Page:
The Tall One, and the Tall One’s Wife

How could we top Tombstone?  Leaving the Yukon last week, it was hard to imagine what we might find in Alaska that could rival the spires and scenery we crossed paths with in our previous wilderness adventure.  Crossing over between the Yukon and Alaska via the Top of the World Highway, we made our way into America’s northernmost state with high expectations of what the state might bring.

It was immediately apparent that just like its southern neighbours, Alaska continues the trend and indeed provides scenery that rivals any of which you may find in British Columbia or the Yukon.  Most of its population has quite happily removed itself from present-day life, and can be found scattered across the vast wilderness that makes up Alaska.  Gold prospecting is still a prevalent life for many in those certain regions, and providing for one’s self through hunting and harvesting is not a recently developed habit of the hipster era, it is a way of life.  While the few major hub cities that dot the state’s landscape may showcase residents in suits and ties during the week, these same residents can be caught fishing the seasonal salmon run on their lunch hour just a few blocks down from the office in the heart of downtown.  Essentially, Alaskans mean business.

So where to first?  The last of our known must-sees, Denali National Park boasts wildlife for days and scenery to boot.  At 20,320ft, Denali (or Deenaalee as it is called by local Athabaskans, roughly translating to ‘The Tall One‘) is North America’s highest peak.  To its side lies Deenaalee-Be’ot (The Tall One’s Wife), or Mount Foraker, at 17,402ft.  Knowing this, it only seemed fitting that we spend some time in the company of these two great peaks.

Let me preclude our park trip by saying this; American National Parks are a bit of a culture shock even to a Canadian who has just a few short weeks ago left the buzz of Banff and Jasper National Parks.  The Americans know how to take a natural attraction, and organize and commercialize the hell out of it.  There is nothing more soul-sucking that leaving the remote wilderness and entering a visitor center for a large National Park.  The tour busses, the RV’s, the motorhomes…..the people. (And that’s not to mean the American people, it’s just the sheer number of people in general).  It can leave one a little daunted and skeptical that any type of wilderness experience may occur on the other side of the park boundary when you are gathered with so large a group of seemingly inept individuals completely content with being herded around like cattle.  Have you ever looked into the eyes of someone fresh off the tour bus?  I dare you.  They could give the walkers on the ‘The Walking Dead’ a run for their money.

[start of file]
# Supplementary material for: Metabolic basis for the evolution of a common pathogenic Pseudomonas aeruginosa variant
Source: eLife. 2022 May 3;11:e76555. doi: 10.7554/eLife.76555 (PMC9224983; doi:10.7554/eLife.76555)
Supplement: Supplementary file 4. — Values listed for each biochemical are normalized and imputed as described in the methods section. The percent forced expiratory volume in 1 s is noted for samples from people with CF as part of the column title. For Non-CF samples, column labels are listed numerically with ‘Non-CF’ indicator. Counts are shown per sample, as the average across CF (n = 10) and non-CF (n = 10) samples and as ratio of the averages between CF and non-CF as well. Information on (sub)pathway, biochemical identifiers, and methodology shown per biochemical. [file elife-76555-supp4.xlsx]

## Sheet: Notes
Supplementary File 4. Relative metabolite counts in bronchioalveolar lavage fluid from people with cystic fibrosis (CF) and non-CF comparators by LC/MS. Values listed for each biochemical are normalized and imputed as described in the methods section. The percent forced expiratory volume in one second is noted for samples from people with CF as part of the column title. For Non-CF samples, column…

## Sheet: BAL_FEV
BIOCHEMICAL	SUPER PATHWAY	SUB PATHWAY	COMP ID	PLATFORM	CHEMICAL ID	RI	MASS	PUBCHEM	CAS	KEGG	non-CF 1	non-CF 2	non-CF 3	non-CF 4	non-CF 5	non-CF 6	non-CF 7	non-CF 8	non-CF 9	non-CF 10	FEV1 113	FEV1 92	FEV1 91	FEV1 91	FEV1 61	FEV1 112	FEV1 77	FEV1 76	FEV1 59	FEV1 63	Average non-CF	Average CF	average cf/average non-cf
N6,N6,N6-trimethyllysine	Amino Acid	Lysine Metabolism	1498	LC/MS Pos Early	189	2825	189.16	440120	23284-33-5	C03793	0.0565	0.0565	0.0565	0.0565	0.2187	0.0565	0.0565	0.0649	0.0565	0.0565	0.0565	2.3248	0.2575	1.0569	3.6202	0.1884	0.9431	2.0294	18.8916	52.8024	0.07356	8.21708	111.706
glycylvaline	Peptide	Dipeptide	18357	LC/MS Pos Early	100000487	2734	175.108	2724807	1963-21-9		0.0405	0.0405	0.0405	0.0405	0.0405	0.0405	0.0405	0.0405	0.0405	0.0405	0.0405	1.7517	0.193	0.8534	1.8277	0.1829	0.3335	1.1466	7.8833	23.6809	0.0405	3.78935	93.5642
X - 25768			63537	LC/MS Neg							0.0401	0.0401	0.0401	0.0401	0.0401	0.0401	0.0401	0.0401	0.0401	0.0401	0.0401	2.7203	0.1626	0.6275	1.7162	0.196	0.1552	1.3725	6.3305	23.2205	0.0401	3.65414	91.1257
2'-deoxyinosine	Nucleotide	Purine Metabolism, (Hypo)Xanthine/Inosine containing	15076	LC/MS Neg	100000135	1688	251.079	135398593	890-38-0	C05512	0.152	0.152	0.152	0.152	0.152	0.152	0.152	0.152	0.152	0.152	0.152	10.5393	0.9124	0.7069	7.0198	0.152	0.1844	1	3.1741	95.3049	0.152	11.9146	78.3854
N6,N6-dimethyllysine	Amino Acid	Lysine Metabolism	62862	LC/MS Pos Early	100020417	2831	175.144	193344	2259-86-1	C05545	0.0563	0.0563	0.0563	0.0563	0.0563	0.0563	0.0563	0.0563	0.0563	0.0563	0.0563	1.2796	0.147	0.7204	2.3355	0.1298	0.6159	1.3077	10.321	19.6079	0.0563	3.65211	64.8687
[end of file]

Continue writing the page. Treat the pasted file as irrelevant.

Now that I’ve had my chance to rant, however, let me tell you that Denali is 100% my top recommendation of parks to hit up in Alaska. (I know it’s the only one we’ve been to so far, but I don’t see it moving far down on the list even after then next few weeks).  The daunting thing about Denali is that for a short time, you do become one of the cattle.  You have to register to camp (last-minute trip planners beware), and private vehicles are not allowed onto the one road leading into the park.  You must make a reservation to get on one of the operated busses that run into the park (either one that includes a ranger, or a simple hiker/camper bus), and if you are camping in the backcountry you must go through a tutorial video, register with the park service and adhere strictly to their bear policy.

Unless you are one of the aforementioned Alaskans that lives out in the bush and has done so for the past 50 years, I can almost guarantee that you will see more wildlife in Denali National Park than you have seen in your entire life. Hands down. At last count, we stopped counting the number of Caribou we had seen (and groaned whenever the bus actually stopped, again, for another one), moose, countless Dall sheep, over a dozen Ptarmigan, and over ten Brown bears (it was hard to tell which ones were repeats from the day before).  This included a Sow and her two little cubs, which were inevitably, the cutest thing you’ve ever seen.

In essence, becoming part of the tourist herd has its perks.  In an effort to keep the park wild, the limitation of vehicle traffic and the control of the travelers to and from the park has allowed Denali’s wild to flourish.  It becomes old news to see another Caribou or Ptarmigan, because they’re everywhere.  And as one bus driver that we had commented, ‘If you don’t see the animal, then it just means you’re not looking hard enough.  Because I can guarantee that there’s a moose, bear, caribou or sheep out there, it’s just a matter of timing and good eyesight.’

And Denali has a great little secret for those that manage to weather the entrance gate storm; once you’re on the bus and in the park, you’re free to go wherever you want.  Because the thing about the American’s National Park mentality is this; Parks are public property, and as such they have no reason or authority to tell you when or where you cannot go.  As a Canadian, who grew up with designated trails and the mentality that you must stick to them, this was overwhelmingly exciting beyond belief.  Jump off the bus wherever your heart fancies, and climb whatever peak suits your eye?  No problem.  Hope you’ve got whatever you need to do it, and have fun.